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    Credit Insights: playing election winners and losers

    Credit Insights: playing election winners and losers

    January 08, 2021 Fixed income
    The Georgia run-off elections have handed President-elect Joe Biden a Senate majority. However, we still forecast some Congressional gridlock given razor-thin margins in both chambers.

    The potential winners and losers 

    This leads us to seven broad conclusions, implying the following credit 'winners' and 'losers' (Table 1).

    Table 1: The sectors that could stand to gain and lose1

    Potential outcomes of Congressional gridlockWinners (opportunities in lower-rated credit)Losers (stick to the largest, strongest, best-in-class)
    Less than (feared) corporate tax hikes


    Moderate fiscal stimulus ambitions  

    Consumer-facing sectors (e.g. retail) 

    Potential public infrastructure spend


    Metals and mining

    Focus on climate change Clean energy

    Oil and gas


    Oil and gas

    Less hawkish foreign policy

    Durable goods importers

    Firms competing with Chinese imports
    Healthcare reform ('public option')   Healthcare (e.g. insurers, pharmaceuticals, hospitals)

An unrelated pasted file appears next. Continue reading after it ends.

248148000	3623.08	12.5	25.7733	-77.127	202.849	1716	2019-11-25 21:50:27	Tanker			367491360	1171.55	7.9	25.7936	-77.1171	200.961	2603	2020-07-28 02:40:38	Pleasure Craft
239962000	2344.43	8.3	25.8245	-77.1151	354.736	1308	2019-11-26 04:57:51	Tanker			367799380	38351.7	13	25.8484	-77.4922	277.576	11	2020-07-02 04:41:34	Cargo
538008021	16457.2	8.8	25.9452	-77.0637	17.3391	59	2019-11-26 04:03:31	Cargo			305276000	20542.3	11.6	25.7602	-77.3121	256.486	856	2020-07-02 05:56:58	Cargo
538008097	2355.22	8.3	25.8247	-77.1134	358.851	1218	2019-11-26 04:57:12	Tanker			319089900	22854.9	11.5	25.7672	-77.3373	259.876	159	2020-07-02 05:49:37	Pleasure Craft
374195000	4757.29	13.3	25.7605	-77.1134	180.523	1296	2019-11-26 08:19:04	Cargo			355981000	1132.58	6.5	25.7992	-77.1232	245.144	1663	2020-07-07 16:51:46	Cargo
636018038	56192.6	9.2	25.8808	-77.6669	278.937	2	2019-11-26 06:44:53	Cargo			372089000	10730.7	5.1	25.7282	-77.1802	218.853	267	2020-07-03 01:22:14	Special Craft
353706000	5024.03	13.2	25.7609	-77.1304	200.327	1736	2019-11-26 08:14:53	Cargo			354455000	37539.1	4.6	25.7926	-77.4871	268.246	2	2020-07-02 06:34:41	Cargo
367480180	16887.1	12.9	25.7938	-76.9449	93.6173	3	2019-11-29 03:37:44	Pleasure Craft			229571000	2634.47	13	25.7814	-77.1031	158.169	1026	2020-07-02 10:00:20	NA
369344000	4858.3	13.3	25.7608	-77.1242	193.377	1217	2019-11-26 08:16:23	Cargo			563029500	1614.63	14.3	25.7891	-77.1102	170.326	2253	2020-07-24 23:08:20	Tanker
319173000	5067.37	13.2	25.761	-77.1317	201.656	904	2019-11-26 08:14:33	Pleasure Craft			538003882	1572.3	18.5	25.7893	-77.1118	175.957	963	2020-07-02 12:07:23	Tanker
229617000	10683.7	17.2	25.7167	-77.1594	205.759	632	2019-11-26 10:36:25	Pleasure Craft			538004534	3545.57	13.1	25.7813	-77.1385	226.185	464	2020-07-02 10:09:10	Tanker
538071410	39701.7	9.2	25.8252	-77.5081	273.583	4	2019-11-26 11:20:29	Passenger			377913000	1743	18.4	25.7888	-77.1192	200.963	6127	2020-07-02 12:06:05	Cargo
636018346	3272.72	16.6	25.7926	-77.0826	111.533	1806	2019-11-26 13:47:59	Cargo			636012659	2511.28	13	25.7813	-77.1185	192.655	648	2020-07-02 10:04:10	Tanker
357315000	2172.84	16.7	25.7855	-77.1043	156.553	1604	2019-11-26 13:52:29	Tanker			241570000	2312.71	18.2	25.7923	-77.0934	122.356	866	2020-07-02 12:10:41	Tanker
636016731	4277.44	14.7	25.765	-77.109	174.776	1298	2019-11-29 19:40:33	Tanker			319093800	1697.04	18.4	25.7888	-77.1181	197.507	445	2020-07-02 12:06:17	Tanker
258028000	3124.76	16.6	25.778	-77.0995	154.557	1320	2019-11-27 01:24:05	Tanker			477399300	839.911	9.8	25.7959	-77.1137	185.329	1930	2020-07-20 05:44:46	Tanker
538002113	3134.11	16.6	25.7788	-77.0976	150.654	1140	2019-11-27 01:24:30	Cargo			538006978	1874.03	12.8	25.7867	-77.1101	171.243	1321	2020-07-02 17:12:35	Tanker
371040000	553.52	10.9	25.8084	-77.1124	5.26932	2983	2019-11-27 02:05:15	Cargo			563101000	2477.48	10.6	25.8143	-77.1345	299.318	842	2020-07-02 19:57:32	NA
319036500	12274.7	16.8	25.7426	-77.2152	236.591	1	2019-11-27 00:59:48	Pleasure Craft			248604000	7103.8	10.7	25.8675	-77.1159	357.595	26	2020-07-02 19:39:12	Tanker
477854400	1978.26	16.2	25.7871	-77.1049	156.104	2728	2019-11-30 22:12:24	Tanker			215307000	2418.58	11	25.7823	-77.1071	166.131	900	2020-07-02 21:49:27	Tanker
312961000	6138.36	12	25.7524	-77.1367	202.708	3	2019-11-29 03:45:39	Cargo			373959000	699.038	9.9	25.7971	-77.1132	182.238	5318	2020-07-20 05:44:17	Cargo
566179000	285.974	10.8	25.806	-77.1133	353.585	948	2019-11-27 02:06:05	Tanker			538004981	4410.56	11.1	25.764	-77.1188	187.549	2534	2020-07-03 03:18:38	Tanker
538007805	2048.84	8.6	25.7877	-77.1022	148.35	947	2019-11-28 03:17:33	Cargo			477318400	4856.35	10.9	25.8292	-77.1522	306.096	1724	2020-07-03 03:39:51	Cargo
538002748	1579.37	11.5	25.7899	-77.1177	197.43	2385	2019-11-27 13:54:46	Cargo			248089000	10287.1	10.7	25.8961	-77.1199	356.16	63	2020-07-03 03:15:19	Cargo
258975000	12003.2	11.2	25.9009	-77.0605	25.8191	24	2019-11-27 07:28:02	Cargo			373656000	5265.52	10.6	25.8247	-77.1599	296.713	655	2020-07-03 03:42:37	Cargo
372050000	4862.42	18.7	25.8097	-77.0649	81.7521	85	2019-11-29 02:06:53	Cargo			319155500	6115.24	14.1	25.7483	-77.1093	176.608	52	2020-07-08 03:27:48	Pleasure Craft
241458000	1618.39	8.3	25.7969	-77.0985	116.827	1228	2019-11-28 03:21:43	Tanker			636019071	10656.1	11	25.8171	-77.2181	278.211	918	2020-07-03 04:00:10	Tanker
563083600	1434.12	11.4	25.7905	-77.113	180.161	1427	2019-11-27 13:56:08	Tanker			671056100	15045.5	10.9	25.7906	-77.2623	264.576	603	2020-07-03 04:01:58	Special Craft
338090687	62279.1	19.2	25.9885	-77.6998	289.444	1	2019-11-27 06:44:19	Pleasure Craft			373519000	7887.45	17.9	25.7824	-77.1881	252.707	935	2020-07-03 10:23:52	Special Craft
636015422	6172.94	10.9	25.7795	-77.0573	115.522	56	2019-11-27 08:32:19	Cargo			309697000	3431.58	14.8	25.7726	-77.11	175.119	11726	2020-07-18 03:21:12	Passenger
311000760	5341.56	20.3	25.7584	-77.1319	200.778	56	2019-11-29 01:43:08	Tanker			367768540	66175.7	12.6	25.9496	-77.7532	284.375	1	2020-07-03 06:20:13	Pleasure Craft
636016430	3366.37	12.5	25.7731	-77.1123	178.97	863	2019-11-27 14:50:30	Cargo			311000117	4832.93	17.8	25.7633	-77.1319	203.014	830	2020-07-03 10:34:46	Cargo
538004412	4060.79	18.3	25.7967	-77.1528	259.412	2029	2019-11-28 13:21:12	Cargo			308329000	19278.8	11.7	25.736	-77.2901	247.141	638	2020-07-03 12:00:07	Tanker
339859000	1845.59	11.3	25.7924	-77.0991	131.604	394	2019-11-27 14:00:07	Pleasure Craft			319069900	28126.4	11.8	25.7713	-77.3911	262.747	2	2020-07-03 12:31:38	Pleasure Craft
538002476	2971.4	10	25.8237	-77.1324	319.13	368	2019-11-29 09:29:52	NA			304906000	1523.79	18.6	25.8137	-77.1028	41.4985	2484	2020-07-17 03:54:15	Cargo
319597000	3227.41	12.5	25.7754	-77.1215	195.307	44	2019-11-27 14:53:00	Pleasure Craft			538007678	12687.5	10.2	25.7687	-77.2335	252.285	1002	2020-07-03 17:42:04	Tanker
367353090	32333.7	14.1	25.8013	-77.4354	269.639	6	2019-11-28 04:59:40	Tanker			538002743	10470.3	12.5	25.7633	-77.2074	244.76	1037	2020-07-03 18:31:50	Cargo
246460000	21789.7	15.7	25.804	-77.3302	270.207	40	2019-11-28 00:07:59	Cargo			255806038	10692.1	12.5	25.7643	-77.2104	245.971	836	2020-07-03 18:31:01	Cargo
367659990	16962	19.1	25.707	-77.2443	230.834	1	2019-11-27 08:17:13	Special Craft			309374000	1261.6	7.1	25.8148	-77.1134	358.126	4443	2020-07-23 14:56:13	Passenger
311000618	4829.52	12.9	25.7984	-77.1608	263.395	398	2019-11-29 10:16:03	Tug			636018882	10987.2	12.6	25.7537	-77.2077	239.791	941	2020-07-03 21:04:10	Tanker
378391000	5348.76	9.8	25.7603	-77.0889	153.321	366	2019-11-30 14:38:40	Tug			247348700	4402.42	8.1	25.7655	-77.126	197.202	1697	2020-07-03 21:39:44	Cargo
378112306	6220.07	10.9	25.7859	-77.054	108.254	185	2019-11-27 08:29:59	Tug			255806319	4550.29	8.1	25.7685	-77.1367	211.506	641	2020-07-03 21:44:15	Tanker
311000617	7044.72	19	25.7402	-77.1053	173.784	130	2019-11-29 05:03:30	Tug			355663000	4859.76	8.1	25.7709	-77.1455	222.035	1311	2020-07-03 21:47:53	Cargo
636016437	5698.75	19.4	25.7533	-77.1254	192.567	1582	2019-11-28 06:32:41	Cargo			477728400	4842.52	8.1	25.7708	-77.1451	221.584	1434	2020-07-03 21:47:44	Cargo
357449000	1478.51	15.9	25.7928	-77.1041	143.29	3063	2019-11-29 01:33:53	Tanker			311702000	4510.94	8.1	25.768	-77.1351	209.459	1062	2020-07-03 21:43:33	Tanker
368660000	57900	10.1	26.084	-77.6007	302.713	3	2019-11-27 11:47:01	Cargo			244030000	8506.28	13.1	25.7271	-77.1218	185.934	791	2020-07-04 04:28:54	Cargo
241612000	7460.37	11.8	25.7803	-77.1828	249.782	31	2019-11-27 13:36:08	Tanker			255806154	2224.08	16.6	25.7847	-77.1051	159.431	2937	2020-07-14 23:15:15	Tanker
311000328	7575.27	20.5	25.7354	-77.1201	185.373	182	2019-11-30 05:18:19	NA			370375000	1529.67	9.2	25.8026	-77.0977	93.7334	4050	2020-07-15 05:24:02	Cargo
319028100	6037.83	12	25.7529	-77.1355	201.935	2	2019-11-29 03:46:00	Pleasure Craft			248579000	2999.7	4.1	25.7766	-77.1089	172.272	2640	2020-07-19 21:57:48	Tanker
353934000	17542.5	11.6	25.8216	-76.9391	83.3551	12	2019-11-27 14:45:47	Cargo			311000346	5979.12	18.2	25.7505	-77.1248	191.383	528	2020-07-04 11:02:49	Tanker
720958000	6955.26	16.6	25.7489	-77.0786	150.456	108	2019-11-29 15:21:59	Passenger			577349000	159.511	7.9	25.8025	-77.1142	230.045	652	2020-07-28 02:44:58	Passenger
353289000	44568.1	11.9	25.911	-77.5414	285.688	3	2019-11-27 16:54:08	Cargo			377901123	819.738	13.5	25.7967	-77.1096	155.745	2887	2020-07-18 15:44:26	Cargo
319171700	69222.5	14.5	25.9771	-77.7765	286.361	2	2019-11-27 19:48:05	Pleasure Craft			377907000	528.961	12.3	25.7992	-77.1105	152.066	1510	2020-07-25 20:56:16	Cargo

Playing the lack of tax hikes

    We believe the Georgia Senate seats only offer President-elect Biden enough support to partially repeal the Trump 2017 tax cuts, perhaps by a third to a half. Furthermore, in our view, they may not be made effective until 2022.

    In our view, all corporates will benefit from smaller tax hikes than initially feared, but credit investors could potentially see the best performance from ‘cuspier’ credits experiencing the largest marginal impact.

    Meanwhile the banking sector underperformed in 2020 on fears over tax hikes (as well as loan losses from the pandemic and a flatter rate curve) and consequently we believe it is due for some ‘catch up’. Even though we also have banking in a ‘loser’ category (relating to potential enhanced enforcement of Dodd-Frank rules) we still see it as a winner overall for fixed income investors, especially if fiscal support for the economy steepens the yield curve.